Plans for a major oil and gas drilling venture off the South African coastline have hit a legal roadblock after a marine conservation group lodged an appeal against drilling plans by the Italian oil multinational Eni and the SA energy and chemical giant Sasol.
Environmental attorneys Kirsten Youens and Adrian Pole from the port city of Durban sent a formal appeal to SA Environmental Affairs minister Barbara Creecy this week, arguing that a green light for Eni/Sasol drilling would set a “dangerous precedent” for marine conservation and possibly open the floodgates for an “onslaught” of oil and gas exploration off South Africa.
In a 147-page appeal sent to Minister Creecy’s office, the marine conservation group WildOceans asked her to overturn the authorisation granted in August to Eni and Sasol to drill up to six deep-water oil/gas exploration wells off the East Coast of SA.
The group argues that the environmental impact assessment (EIA) study, conducted on behalf of Eni and Sasol, failed to consider the potentially “catastrophic” consequences to the marine environment in a worst-case scenario oil spill such as the Deep Water Horizon off the Gulf of Mexico in 2010.
“The granting of this authorisation opens the door to an onslaught of applications throughout the entire Exclusive Economic Zone without the necessary baseline assessments and knowledge that is required to properly understand the potential impacts of oil exploration off our volatile coastline. It is effectively telling the world that we are ‘open for business’ without taking into consideration the long-term ramifications of doing so,” Youens and Pole argued.
Currently, oil and gas production off South Africa is largely restricted to a small section of ocean near Mossel Bay - in contrast to neighbouring Mozambique where Eni and other oil majors such as Anadarko, ExxonMobil and Sasol are hoping to ramp up production following recent natural gas discoveries.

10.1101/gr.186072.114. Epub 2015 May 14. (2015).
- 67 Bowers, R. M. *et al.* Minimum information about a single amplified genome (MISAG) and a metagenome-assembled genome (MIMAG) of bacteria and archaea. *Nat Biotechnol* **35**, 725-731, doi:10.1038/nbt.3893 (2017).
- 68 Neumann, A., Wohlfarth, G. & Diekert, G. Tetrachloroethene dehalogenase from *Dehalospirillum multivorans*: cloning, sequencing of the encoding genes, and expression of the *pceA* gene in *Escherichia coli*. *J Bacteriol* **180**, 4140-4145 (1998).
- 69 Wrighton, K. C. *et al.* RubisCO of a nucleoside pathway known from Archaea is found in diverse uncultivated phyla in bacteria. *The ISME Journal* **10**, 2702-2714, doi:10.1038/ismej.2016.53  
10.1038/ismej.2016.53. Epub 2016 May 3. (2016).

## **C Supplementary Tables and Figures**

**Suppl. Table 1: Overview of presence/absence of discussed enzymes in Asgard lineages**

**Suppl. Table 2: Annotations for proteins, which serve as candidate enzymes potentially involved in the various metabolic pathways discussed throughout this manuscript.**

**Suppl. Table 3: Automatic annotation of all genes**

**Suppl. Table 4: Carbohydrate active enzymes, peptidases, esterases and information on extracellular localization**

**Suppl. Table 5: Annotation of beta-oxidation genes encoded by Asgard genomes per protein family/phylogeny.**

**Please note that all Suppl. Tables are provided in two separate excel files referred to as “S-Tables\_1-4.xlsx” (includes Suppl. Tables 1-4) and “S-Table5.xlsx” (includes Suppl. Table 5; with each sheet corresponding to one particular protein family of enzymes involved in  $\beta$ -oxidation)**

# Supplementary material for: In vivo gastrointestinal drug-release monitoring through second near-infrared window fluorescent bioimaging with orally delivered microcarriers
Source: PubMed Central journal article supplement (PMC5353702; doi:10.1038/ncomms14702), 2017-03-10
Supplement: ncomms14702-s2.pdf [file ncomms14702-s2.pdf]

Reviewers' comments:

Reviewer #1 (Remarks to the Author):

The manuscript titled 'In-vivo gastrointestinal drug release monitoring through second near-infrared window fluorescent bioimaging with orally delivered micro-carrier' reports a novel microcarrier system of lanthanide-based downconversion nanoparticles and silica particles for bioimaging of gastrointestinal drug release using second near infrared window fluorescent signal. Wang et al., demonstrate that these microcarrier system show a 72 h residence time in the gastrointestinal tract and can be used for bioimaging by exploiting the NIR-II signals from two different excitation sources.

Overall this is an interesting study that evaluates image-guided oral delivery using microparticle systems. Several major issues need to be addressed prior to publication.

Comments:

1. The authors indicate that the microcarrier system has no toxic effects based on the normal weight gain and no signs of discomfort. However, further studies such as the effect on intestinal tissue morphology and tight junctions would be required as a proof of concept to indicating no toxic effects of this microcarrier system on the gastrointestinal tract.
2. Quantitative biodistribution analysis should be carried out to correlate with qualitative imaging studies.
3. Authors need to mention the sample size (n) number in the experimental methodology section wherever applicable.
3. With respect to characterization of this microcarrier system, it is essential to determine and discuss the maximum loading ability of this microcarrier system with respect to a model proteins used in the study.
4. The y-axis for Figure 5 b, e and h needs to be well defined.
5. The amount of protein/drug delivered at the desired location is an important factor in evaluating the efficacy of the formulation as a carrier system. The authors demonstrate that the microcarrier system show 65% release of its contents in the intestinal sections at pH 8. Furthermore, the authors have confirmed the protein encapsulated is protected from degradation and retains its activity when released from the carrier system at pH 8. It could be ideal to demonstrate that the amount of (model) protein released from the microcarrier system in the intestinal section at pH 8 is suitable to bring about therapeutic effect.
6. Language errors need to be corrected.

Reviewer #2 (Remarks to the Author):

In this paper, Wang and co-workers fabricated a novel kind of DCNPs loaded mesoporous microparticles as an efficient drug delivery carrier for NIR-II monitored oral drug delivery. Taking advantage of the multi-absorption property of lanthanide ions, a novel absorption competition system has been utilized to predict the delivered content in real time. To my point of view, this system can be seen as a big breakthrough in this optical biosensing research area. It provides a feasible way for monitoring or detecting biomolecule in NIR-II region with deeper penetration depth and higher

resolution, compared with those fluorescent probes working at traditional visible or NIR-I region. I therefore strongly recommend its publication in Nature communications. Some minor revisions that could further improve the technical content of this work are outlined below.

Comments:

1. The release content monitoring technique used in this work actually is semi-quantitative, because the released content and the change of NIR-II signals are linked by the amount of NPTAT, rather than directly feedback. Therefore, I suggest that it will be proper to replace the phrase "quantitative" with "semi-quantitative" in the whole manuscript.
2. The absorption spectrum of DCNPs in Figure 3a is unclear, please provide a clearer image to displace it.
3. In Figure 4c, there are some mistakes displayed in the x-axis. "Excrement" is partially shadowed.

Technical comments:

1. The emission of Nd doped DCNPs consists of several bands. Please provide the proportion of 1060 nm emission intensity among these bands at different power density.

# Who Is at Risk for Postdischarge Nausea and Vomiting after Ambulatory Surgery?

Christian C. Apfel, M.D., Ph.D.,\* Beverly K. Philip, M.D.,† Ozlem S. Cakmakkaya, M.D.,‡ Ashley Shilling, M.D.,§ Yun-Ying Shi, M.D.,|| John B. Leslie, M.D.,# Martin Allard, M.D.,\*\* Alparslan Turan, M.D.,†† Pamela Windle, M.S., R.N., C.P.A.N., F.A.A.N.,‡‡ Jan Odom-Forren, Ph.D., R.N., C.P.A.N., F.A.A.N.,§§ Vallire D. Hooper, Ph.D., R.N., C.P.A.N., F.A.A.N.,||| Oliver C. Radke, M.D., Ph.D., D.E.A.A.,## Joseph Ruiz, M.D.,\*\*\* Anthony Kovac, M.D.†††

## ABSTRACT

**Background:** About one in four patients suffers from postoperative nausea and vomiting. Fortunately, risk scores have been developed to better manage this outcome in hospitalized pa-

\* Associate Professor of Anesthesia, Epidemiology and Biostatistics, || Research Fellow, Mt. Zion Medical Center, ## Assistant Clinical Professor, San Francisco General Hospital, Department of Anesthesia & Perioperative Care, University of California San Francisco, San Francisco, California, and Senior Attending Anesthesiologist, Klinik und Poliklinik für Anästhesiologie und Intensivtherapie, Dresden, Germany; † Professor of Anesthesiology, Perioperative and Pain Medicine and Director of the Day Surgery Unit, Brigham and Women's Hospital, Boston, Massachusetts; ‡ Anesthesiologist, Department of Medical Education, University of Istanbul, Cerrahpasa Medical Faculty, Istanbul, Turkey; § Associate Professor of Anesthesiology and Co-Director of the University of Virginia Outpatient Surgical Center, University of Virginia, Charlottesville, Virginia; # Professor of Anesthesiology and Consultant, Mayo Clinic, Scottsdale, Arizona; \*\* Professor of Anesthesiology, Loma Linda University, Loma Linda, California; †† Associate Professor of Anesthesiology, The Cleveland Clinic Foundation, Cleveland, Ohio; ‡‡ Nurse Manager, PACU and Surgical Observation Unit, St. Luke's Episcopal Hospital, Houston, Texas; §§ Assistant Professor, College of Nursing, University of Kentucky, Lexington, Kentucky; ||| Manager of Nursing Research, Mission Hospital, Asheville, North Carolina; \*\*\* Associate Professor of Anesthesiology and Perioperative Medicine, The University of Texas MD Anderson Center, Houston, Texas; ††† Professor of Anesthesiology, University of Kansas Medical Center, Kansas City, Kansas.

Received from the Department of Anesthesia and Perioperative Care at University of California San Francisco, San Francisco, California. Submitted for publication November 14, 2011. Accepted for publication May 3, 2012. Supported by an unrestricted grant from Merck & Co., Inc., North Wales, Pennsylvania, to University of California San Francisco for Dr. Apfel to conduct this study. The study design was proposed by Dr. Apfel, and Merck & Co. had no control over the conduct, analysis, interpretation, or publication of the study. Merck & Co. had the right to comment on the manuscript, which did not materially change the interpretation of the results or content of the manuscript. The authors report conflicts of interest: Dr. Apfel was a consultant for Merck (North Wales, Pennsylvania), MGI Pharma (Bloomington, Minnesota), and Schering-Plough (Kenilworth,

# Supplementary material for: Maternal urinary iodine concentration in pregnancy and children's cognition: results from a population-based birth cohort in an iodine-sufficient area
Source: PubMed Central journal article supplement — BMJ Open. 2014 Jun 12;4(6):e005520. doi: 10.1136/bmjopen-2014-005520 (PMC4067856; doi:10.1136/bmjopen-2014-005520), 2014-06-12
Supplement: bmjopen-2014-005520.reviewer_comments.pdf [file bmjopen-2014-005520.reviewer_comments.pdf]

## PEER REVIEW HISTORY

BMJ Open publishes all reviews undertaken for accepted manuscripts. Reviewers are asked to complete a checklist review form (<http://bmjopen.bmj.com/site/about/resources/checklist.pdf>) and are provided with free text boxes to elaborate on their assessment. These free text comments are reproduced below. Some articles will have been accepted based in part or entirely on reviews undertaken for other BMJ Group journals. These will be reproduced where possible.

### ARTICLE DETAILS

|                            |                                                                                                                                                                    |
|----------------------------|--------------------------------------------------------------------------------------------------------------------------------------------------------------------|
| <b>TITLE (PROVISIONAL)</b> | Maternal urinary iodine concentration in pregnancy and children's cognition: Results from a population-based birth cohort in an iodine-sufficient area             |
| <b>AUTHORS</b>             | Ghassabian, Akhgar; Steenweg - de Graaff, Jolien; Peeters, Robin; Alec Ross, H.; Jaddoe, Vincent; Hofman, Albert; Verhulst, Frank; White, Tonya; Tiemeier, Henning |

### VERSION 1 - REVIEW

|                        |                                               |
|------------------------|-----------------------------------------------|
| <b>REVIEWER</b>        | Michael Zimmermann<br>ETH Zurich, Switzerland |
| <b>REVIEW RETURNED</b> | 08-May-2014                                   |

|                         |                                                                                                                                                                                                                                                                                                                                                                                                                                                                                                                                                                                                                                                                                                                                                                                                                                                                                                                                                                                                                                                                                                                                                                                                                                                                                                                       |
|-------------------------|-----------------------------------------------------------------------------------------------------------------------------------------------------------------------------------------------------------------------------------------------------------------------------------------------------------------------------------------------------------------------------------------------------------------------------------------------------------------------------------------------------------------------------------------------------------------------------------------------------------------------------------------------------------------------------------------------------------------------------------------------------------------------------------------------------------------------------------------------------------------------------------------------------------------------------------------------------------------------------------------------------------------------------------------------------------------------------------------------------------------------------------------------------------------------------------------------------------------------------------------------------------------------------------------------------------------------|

Five years ago, former President Jacob Zuma unveiled plans to drill at least 30 deep-water oil and gas exploration wells within a decade, as part of the “Operation Phakisa” plan to exploit offshore fossil fuels along the 3 000km coastline.
Now, WildOceans has commissioned three independent experts who have challenged several aspects of the EIA. The experts are Erik Cordes (Associate Professor, Department of Biology at Temple University, USA), Claire Paris (Professor, Department of Ocean Sciences, University of Miami) and Annalisa Bracco (Professor in Oceanography and Climate Dynamics, Georgia Institute of Technology).
WildOceans argues that the “worst-case scenario” oil slick simulation was restricted to a short-duration oil blowout and was not site-specific. It also failed to take account of oil being spread much further and faster by the mighty Agulhas Current.
“Comparing the drilling conditions in northern Mozambique with drilling off the east coast of South Africa is not appropriate . . . the Agulhas Current is the strongest western boundary current in the world, and combined with the deep, extremely rough sea conditions of the South African east coast comparing it to drilling in the relatively sheltered Mozambique channel is illogical,” said Youens and Pole.
They also charge that environmental assessment failed to consider the potentially major climate change emissions of authorising further fossil fuel extraction.
“The appellant contends that that climate change is not only a relevant consideration but a vital consideration when granting an environmental authorisation that relates to the exaction of fossil fuels. To have any chance of meeting the Paris 2°C target, carbon emissions around the world need to be decreasing rapidly.”
In response to previous media queries on the exploration project, Eni stated that the company “applies the highest operational and environmental standards, which often exceed local compliance regulations”.
Creecy has given Eni and Sasol until November 11 to respond to the all grounds for appeal submitted by WildOceans and 46 other appellants.
NOTE: Because Creecy is the official appeals authority for environmental decisions made by government, appellants are required to exhaust all administrative remedies before they can turn to the High Court for relief.